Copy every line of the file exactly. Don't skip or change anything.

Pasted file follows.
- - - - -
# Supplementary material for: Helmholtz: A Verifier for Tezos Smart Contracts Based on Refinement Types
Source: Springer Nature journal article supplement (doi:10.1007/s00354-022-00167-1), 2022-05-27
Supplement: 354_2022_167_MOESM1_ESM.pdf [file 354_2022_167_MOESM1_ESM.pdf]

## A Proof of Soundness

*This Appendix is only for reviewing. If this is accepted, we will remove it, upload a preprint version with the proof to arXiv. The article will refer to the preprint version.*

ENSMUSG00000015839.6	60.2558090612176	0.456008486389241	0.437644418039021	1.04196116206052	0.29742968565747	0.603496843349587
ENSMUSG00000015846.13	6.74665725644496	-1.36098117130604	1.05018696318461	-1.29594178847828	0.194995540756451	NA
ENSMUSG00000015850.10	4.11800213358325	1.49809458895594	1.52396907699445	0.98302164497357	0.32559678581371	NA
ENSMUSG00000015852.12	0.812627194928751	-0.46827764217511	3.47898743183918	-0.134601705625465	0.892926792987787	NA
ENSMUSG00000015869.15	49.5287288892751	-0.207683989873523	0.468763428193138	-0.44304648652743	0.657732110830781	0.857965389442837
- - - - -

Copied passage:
# Supplementary material for: Helmholtz: A Verifier for Tezos Smart Contracts Based on Refinement Types
Source: Springer Nature journal article supplement (doi:10.1007/s00354-022-00167-1), 2022-05-27
Supplement: 354_2022_167_MOESM1_ESM.pdf [file 354_2022_167_MOESM1_ESM.pdf]

## A Proof of Soundness

*This Appendix is only for reviewing. If this is accepted, we will remove it, upload a preprint version with the proof to arXiv. The article will refer to the preprint version.*

ENSMUSG00000015839.6	60.2558090612176	0.456008486389241	0.437644418039021	1.04196116206052	0.29742968565747	0.603496843349587
ENSMUSG00000015846.13	6.74665725644496	-1.36098117130604	1.05018696318461	-1.29594178847828	0.194995540756451	NA
ENSMUSG00000015850.10	4.11800213358325	1.49809458895594	1.52396907699445	0.98302164497357	0.32559678581371	NA
ENSMUSG00000015852.12	0.812627194928751	-0.46827764217511	3.47898743183918	-0.134601705625465	0.892926792987787	NA
ENSMUSG00000015869.15	49.5287288892751	-0.207683989873523	0.468763428193138	-0.44304648652743	0.657732110830781	0.857965389442837